Following large-scale roll-out of antiretroviral therapy in sub-Saharan Africa, the non-clinical efficacy of antiretroviral therapy has received little attention. We aimed to systematically review virological efficacy and drug-resistance outcomes of programmes of antiretroviral therapy in sub-Saharan Africa. 89 studies with heterogeneous design, definitions, and methods were identified. Overall, in on-treatment analysis, 10 351 (78%) of 13 288 patients showed virological suppression after 6 months of antiretroviral therapy, 7413 (76%) of 9794 after 12 months, and 3840 (67%) of 5690 after 24 months. Long-term virological data are scarce. Genotyping results were available for patients with virological failure (HIV-1 RNA greater than 1000 copies per mL). Most patients (839 of 849; 99%) were infected with a non-B HIV-1 subtype. However, drug-resistance patterns were largely similar to those in subtype B. Resistance profiles were associated with the antiretroviral drugs commonly used: the lamivudine-associated M184V mutation was most common, followed by K103N which is associated with non-nucleoside reverse transcriptase inhibitors. Thymidine-analogue mutations and the K65R mutation were less common. First-line antiretroviral therapy regimens used in sub-Saharan Africa are effective. Profiles of drug resistance suggest that a second-line treatment regimen based on protease inhibitors, with a backbone of nucleoside reverse transcriptase inhibitors, is a reasonable option for patients with HIV in sub-Saharan Africa who experience first-line treatment failure. 2010 Elsevier Ltd. All rights reserved.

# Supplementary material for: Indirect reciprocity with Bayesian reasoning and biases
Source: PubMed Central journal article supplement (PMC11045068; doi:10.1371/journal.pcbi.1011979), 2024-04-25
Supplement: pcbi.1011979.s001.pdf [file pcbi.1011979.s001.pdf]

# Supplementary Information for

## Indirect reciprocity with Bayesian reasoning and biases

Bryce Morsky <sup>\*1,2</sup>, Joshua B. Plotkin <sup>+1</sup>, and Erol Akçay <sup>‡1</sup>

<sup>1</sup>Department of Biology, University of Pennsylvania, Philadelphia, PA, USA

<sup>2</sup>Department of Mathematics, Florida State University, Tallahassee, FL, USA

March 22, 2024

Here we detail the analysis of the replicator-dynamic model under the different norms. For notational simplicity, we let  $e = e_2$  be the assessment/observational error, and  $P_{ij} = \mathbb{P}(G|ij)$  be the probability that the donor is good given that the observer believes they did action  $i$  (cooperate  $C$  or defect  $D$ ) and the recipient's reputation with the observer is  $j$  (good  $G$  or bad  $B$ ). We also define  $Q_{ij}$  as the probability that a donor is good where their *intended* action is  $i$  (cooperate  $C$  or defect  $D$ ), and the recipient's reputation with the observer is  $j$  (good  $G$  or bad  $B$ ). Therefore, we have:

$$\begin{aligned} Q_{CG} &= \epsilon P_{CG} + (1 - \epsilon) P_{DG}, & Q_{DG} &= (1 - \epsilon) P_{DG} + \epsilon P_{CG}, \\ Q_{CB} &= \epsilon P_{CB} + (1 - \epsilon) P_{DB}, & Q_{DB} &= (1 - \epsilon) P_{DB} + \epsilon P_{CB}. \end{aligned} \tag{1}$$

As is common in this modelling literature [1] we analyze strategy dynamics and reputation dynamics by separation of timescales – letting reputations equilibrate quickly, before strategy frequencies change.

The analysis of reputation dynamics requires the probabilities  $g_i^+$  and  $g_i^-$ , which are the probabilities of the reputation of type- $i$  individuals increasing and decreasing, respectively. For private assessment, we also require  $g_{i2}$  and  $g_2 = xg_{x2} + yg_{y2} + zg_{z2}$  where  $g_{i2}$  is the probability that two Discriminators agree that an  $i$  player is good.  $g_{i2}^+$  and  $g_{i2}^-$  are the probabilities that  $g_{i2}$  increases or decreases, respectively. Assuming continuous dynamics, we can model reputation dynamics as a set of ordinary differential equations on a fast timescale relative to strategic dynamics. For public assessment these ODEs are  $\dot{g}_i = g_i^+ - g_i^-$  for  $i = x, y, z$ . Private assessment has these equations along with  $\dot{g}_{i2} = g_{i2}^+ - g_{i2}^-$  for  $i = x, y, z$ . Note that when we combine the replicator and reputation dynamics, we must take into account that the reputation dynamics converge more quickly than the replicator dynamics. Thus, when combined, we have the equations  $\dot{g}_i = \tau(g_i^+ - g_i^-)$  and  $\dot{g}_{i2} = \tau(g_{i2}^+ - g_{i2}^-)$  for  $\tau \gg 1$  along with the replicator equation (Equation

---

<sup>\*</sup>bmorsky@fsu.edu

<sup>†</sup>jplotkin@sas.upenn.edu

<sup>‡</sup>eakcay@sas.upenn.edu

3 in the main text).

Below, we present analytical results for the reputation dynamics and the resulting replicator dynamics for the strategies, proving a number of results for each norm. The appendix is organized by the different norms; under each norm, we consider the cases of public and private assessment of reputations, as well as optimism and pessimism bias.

Bookmark
              • Record: found
              • Abstract: found
              • Article: not found

              Determinants of per-coital-act HIV-1 infectivity among African HIV-1-serodiscordant couples.

              Knowledge of factors that affect per-act infectivity of human immunodeficiency virus type 1 (HIV-1) is important for designing HIV-1 prevention interventions and for the mathematical modeling of the spread of HIV-1. We analyzed data from a prospective study of African HIV-1-serodiscordant couples. We assessed transmissions for linkage within the study partnership, based on HIV-1 sequencing. The primary exposure measure was the HIV-1-seropositive partners' reports of number of sex acts and condom use with their study partner. Of 3297 couples experiencing 86 linked HIV-1 transmissions, the unadjusted per-act risks of unprotected male-to-female (MTF) and female-to-male (FTM) transmission were 0.0019 (95% confidence interval [CI], .0010-.0037) and 0.0010 (95% CI, .00060-.0017), respectively. After adjusting for plasma HIV-1 RNA of the HIV-1-infected partner and herpes simplex virus type 2 serostatus and age of the HIV-1-uninfected partner, we calculated the relative risk (RR) for MTF versus FTM transmission to be 1.03 (P = .93). Each log(10) increase in plasma HIV-1 RNA increased the per-act risk of transmission by 2.9-fold (95% CI, 2.2-3.8). Self-reported condom use reduced the per-act risk by 78% (RR = 0.22 [95% CI, .11-.42]). Modifiable risk factors for HIV-1 transmission were plasma HIV-1 RNA level and condom use, and, in HIV-1-uninfected partners, herpes simplex virus 2 infection, genital ulcers, Trichomonas vaginalis, vaginitis or cervicitis, and male circumcision.